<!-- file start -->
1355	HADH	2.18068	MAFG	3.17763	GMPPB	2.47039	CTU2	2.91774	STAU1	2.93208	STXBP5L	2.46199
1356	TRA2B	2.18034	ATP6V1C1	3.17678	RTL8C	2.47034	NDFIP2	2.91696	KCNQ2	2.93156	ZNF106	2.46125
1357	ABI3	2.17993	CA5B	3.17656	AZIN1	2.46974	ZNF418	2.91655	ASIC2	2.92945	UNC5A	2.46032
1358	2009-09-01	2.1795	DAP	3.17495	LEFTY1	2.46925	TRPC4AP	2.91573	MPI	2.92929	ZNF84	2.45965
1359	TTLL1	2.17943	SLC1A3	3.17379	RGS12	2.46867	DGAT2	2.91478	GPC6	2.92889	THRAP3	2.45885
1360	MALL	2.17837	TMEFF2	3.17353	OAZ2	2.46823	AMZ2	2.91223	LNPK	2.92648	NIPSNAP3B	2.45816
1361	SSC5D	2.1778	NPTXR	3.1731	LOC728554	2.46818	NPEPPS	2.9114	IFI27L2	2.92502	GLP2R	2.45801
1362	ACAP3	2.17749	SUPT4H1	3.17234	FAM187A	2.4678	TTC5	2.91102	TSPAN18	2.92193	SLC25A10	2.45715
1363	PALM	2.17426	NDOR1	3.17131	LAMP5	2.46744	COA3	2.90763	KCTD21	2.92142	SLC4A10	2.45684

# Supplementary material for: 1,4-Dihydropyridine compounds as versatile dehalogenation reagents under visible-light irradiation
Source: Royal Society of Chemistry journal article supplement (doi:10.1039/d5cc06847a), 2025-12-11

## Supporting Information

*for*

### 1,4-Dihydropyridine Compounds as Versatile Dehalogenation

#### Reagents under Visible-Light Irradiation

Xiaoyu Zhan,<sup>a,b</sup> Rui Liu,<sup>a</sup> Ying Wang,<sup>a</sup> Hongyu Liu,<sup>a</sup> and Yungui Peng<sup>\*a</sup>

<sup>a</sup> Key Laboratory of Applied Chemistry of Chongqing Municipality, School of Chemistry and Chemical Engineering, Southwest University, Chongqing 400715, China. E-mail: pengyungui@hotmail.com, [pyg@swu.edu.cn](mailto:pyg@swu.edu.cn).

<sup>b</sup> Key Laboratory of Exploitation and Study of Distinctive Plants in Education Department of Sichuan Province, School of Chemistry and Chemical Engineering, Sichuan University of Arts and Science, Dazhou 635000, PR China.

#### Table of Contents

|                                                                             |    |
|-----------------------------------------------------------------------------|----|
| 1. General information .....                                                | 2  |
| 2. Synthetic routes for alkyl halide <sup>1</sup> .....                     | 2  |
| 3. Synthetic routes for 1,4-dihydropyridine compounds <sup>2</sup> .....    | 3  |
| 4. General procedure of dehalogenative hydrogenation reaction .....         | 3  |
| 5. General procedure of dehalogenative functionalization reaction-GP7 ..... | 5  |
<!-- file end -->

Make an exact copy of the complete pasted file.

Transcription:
1355	HADH	2.18068	MAFG	3.17763	GMPPB	2.47039	CTU2	2.91774	STAU1	2.93208	STXBP5L	2.46199
1356	TRA2B	2.18034	ATP6V1C1	3.17678	RTL8C	2.47034	NDFIP2	2.91696	KCNQ2	2.93156	ZNF106	2.46125
1357	ABI3	2.17993	CA5B	3.17656	AZIN1	2.46974	ZNF418	2.91655	ASIC2	2.92945	UNC5A	2.46032
1358	2009-09-01	2.1795	DAP	3.17495	LEFTY1	2.46925	TRPC4AP	2.91573	MPI	2.92929	ZNF84	2.45965
1359	TTLL1	2.17943	SLC1A3	3.17379	RGS12	2.46867	DGAT2	2.91478	GPC6	2.92889	THRAP3	2.45885
1360	MALL	2.17837	TMEFF2	3.17353	OAZ2	2.46823	AMZ2	2.91223	LNPK	2.92648	NIPSNAP3B	2.45816
1361	SSC5D	2.1778	NPTXR	3.1731	LOC728554	2.46818	NPEPPS	2.9114	IFI27L2	2.92502	GLP2R	2.45801
1362	ACAP3	2.17749	SUPT4H1	3.17234	FAM187A	2.4678	TTC5	2.91102	TSPAN18	2.92193	SLC25A10	2.45715
1363	PALM	2.17426	NDOR1	3.17131	LAMP5	2.46744	COA3	2.90763	KCTD21	2.92142	SLC4A10	2.45684

# Supplementary material for: 1,4-Dihydropyridine compounds as versatile dehalogenation reagents under visible-light irradiation
Source: Royal Society of Chemistry journal article supplement (doi:10.1039/d5cc06847a), 2025-12-11

## Supporting Information

*for*

### 1,4-Dihydropyridine Compounds as Versatile Dehalogenation

#### Reagents under Visible-Light Irradiation

Xiaoyu Zhan,<sup>a,b</sup> Rui Liu,<sup>a</sup> Ying Wang,<sup>a</sup> Hongyu Liu,<sup>a</sup> and Yungui Peng<sup>\*a</sup>

<sup>a</sup> Key Laboratory of Applied Chemistry of Chongqing Municipality, School of Chemistry and Chemical Engineering, Southwest University, Chongqing 400715, China. E-mail: pengyungui@hotmail.com, [pyg@swu.edu.cn](mailto:pyg@swu.edu.cn).

<sup>b</sup> Key Laboratory of Exploitation and Study of Distinctive Plants in Education Department of Sichuan Province, School of Chemistry and Chemical Engineering, Sichuan University of Arts and Science, Dazhou 635000, PR China.

#### Table of Contents

|                                                                             |    |
|-----------------------------------------------------------------------------|----|
| 1. General information .....                                                | 2  |
| 2. Synthetic routes for alkyl halide <sup>1</sup> .....                     | 2  |
| 3. Synthetic routes for 1,4-dihydropyridine compounds <sup>2</sup> .....    | 3  |
| 4. General procedure of dehalogenative hydrogenation reaction .....         | 3  |
| 5. General procedure of dehalogenative functionalization reaction-GP7 ..... | 5  |